Peter York On Ads: Cherry-lipped boy mountain takes us to the Edge of prejudice

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The Independent Online

Cruel Victorians had their Facebook too – terrible studies of physiognomy based on the wicked – and completely disproven – notion that you could reliably predict character from looks. Early photographs and engravings showed the phizes of lower class and foreign types, pointing out the infallible clues to every kind of moral turpitude.

The fecklessness of the undeserving poor showed up in their "coarse" features and crazed eyes. The acquisitiveness of some racial groups was demonstrated by the nose, the sexual appetites of others by big lips. You'd go to prison now for publishing any of this rubbish. But 19th-century pub bores loved it. "Your typical Irishman," they'd say, "shows his love of stout by the shortness/length/ absence of an upper lip."

This stuff belongs with those 19th-century china phrenology heads showing where key functions are located in the brain. Vicky collectors love them precisely because the science is so comic.

We usually think we're above all that now – not just the duff science thing but for those American sentimental reasons – everybody's beautiful, in their own way. Americans are completely hypocritical about all this, of course. There's no group more body-fascist or lookist than the ambitious US classes. Chubby Brits with wonky teeth – however clever, hard-working or even God-fearing – regularly get monstered by Americans.

Every US self-help book has a section on presentation which trots out research showing that on TV or on a conference platform, it's how you present that matters, not what you actually say. Content isn't king.

The modern equivalent of the 19th-century phiz book is Jerry Springer and his under-powered Brit equivalents Trisha and Jeremy Kyle. The unacknowledged point of these shows is the exotic underclassness of the guests. Most viewers will feel themselves several notches up from them and voyeuristic viewers from the educated, comfortable classes – who never meet people like this unless they do social work – are thoroughly jaw-dropped.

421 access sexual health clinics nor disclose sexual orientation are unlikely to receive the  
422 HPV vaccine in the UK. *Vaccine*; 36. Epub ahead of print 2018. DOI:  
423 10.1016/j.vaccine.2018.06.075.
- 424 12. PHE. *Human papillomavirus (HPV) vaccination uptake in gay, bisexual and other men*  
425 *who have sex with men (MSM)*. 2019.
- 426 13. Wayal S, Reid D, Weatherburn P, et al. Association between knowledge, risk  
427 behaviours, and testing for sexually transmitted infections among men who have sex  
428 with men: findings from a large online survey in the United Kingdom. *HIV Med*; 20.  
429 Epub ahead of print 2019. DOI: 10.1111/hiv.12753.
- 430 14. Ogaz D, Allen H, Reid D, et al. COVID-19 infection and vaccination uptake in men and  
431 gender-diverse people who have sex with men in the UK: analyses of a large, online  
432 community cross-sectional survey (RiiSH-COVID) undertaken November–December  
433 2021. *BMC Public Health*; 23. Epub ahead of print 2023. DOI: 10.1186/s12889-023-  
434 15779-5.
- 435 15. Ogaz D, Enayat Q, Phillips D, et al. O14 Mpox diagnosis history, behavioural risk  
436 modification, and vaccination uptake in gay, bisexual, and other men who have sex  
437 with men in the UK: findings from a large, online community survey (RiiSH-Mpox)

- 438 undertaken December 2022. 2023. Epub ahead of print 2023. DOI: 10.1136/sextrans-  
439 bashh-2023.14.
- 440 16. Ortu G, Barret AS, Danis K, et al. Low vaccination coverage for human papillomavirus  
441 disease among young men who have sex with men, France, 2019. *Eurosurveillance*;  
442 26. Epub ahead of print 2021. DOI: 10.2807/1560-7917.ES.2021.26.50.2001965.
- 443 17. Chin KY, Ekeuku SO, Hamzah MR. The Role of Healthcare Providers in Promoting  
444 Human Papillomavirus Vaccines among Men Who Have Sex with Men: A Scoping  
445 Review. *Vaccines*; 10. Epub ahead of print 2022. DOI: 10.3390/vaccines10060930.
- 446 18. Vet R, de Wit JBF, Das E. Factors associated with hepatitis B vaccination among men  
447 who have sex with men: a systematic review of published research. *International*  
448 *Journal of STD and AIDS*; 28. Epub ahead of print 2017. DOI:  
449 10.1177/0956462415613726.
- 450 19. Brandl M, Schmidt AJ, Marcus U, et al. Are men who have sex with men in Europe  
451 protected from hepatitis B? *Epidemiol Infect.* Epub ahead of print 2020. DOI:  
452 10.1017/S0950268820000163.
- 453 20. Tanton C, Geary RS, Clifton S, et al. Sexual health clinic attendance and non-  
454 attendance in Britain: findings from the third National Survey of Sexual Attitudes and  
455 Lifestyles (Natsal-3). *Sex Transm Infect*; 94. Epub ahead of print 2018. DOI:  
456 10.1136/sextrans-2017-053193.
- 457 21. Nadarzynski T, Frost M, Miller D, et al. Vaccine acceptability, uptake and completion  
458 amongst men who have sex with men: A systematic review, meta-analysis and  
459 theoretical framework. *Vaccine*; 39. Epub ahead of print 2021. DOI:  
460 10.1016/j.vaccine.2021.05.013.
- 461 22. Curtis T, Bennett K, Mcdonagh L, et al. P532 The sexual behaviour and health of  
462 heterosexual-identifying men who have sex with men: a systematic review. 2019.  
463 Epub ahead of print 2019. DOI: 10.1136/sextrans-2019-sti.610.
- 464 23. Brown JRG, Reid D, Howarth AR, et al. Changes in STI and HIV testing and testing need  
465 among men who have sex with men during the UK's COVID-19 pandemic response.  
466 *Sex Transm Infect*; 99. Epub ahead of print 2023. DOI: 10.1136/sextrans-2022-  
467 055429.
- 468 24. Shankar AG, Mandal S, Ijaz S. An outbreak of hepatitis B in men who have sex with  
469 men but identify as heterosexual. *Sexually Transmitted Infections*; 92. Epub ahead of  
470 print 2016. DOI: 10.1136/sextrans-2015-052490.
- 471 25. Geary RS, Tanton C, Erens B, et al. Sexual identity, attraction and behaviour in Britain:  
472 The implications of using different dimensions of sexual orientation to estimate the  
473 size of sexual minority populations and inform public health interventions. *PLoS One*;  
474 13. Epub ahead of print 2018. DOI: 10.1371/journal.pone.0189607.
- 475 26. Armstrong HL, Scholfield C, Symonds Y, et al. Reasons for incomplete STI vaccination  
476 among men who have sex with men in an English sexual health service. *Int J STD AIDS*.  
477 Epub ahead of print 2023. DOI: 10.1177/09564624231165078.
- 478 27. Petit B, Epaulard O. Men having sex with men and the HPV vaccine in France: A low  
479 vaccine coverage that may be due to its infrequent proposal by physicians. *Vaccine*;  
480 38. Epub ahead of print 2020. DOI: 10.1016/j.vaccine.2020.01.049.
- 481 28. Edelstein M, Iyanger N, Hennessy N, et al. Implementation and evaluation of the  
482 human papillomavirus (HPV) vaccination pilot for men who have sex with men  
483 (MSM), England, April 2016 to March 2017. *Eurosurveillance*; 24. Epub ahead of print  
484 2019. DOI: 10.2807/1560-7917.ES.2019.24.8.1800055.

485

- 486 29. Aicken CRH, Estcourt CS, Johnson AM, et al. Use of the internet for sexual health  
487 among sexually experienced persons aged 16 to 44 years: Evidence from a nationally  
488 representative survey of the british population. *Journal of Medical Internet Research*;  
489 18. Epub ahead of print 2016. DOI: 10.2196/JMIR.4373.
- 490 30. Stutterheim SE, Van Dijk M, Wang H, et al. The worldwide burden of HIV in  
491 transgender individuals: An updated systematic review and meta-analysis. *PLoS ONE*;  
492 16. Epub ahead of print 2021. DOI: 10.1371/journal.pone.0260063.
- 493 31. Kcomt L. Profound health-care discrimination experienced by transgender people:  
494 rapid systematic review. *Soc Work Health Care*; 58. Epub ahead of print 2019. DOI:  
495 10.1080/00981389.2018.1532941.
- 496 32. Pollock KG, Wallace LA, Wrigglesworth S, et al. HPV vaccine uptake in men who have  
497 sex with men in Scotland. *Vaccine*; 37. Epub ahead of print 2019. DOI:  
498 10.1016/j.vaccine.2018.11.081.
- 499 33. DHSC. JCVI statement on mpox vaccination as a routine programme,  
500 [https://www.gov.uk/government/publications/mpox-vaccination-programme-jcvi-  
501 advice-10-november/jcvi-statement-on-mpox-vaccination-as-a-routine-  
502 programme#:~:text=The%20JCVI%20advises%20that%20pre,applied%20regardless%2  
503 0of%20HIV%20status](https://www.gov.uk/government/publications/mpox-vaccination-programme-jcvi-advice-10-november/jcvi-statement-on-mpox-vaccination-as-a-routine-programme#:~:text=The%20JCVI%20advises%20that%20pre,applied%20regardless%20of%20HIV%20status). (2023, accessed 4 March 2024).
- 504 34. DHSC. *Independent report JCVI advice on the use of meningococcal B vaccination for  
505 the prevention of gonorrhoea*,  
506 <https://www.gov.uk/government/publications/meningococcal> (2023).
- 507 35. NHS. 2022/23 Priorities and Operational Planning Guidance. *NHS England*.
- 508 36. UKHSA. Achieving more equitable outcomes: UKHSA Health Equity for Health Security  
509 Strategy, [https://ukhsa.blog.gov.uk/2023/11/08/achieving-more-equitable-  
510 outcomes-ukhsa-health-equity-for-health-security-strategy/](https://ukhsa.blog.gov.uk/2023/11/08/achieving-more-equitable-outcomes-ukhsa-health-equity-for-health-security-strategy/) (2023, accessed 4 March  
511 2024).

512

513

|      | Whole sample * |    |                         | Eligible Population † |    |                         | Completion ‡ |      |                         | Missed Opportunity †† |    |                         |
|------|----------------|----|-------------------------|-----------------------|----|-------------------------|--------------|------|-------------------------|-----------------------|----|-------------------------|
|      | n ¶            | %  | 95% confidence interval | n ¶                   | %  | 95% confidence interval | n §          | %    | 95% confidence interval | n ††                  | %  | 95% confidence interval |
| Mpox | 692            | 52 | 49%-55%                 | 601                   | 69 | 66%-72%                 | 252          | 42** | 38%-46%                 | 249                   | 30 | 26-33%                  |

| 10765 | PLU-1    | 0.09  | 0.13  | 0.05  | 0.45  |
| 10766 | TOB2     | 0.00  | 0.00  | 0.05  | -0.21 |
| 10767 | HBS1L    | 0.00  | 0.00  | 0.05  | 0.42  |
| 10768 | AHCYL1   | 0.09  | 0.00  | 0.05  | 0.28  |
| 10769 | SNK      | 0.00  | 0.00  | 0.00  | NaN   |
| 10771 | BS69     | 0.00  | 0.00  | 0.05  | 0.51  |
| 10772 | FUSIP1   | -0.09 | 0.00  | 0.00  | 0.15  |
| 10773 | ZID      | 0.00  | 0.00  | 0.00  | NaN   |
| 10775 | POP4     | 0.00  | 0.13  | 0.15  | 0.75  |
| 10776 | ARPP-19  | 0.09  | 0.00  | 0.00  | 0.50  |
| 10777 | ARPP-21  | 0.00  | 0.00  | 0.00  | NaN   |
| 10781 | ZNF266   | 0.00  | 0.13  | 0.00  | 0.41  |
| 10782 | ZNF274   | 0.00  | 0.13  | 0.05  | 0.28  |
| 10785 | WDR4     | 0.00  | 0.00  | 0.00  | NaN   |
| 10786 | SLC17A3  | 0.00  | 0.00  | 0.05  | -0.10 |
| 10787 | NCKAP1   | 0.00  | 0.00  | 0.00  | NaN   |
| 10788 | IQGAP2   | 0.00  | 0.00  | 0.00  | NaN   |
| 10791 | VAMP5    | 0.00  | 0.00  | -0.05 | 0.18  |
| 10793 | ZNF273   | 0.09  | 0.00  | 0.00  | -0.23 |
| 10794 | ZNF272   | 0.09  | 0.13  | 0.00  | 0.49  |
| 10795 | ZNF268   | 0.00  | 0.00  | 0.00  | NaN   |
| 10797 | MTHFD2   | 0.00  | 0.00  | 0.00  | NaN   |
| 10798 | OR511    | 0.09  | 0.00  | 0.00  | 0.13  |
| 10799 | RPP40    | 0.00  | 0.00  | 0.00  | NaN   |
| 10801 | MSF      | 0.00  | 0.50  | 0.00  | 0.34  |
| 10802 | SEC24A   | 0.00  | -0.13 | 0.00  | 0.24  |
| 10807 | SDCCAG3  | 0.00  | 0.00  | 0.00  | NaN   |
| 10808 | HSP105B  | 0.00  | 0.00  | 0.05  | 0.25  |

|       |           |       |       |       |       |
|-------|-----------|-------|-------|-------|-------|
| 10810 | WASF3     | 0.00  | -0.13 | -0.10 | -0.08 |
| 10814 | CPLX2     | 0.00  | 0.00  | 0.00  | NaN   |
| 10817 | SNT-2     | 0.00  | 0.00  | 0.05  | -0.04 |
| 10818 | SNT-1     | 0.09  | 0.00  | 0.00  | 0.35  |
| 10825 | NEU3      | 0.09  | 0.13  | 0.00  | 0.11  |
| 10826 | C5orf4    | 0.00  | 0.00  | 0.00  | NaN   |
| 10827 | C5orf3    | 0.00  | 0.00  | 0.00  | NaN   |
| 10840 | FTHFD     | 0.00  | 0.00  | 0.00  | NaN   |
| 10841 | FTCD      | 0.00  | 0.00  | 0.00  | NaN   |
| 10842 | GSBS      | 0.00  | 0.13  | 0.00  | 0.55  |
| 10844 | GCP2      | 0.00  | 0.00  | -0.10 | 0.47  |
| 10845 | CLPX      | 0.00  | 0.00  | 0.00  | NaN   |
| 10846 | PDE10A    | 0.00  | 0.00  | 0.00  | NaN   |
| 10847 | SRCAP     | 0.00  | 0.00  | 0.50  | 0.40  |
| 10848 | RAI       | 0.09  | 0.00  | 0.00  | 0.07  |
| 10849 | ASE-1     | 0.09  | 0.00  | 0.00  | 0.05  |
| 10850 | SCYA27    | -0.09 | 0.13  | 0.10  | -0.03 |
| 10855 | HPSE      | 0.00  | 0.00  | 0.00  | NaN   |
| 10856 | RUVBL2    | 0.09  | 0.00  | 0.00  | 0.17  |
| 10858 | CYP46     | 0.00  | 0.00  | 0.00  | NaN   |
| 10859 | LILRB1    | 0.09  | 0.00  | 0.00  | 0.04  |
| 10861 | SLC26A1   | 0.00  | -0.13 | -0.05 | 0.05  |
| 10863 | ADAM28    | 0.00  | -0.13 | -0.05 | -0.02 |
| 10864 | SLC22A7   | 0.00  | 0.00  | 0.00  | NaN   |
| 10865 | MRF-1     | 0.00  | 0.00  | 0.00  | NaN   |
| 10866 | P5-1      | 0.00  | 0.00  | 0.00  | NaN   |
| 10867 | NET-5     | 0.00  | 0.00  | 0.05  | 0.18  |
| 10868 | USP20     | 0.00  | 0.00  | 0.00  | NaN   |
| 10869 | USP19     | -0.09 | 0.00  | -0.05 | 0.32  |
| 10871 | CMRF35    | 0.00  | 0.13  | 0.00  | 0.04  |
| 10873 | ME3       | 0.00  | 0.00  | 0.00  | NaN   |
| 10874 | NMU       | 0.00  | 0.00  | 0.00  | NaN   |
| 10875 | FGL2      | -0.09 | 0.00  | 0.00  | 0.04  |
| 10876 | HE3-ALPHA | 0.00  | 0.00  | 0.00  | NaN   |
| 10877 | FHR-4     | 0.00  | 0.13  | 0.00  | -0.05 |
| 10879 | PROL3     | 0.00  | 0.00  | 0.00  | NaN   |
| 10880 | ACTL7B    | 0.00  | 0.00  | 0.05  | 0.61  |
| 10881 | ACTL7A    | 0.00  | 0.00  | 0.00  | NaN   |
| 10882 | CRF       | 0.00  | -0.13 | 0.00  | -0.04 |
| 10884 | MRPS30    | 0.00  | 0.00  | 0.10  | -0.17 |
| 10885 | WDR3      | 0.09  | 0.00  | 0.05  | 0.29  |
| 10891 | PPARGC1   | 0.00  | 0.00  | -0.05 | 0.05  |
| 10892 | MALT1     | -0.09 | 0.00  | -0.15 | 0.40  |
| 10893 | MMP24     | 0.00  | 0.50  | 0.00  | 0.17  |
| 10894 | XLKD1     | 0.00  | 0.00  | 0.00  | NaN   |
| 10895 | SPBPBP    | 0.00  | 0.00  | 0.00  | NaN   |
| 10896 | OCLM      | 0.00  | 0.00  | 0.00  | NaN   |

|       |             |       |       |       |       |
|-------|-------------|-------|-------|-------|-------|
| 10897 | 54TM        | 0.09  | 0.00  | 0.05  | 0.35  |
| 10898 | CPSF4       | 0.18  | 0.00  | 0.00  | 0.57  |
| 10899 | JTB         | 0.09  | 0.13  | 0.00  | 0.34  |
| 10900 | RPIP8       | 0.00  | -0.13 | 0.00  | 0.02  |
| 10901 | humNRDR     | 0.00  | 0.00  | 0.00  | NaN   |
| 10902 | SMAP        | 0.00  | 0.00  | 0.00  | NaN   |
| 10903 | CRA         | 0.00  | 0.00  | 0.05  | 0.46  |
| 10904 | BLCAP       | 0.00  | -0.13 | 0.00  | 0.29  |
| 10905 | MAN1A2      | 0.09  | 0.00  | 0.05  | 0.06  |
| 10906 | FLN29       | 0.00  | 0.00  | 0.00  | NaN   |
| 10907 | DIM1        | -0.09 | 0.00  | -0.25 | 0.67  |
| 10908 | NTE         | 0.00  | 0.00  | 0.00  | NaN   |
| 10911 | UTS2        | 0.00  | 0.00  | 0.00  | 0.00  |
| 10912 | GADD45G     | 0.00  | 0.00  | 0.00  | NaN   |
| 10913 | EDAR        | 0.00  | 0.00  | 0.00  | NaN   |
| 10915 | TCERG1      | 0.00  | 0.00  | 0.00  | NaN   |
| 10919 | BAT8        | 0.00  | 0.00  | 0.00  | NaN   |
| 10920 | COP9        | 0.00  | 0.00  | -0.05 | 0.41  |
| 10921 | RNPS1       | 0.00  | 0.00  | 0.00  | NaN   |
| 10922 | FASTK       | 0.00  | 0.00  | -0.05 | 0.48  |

In the '90s, Jerry had freakish characters and freakish themes. There were extraordinary love triangles, battling transsexuals and cartoon-ish hookers. They looked luridly trashy. The Brits just looked sad – skinny, toothless husbands with weepy woman-mountain wives who complained of wife-beating. What combination of diet and drink made a man look like his grandfather in his 30s? And why were all the women so huge? What clues to the life and character could the middle-class voyeur read into their looks?

TV still casts for obvious physical indicators of character and history, and nowhere more than in commercials, where you have to establish characters and roles very fast.

The new advert for Edge – a resource centre for vocational education – is utterly focused on the sad, fat, terrified loser face of a teenage boy being taught to drive by his dad.

Here's somebody who looks like a natural victim, a big baby, with a pale, hairless face, premature double chin and startlingly red lips. Every decision is clearly hell and leaves him wanting to cry. And he ends up driving their little blue car the wrong way up a motorway to the sound of 'King of the Road'. "Are you pushing your kids in the wrong direction?" asks the voiceover.

The idea is that if you think the academic route is wrong for your little darling, can help you. But the sub-text is that if your lad is a cherry-lipped suet mountain, he hasn't got a hope.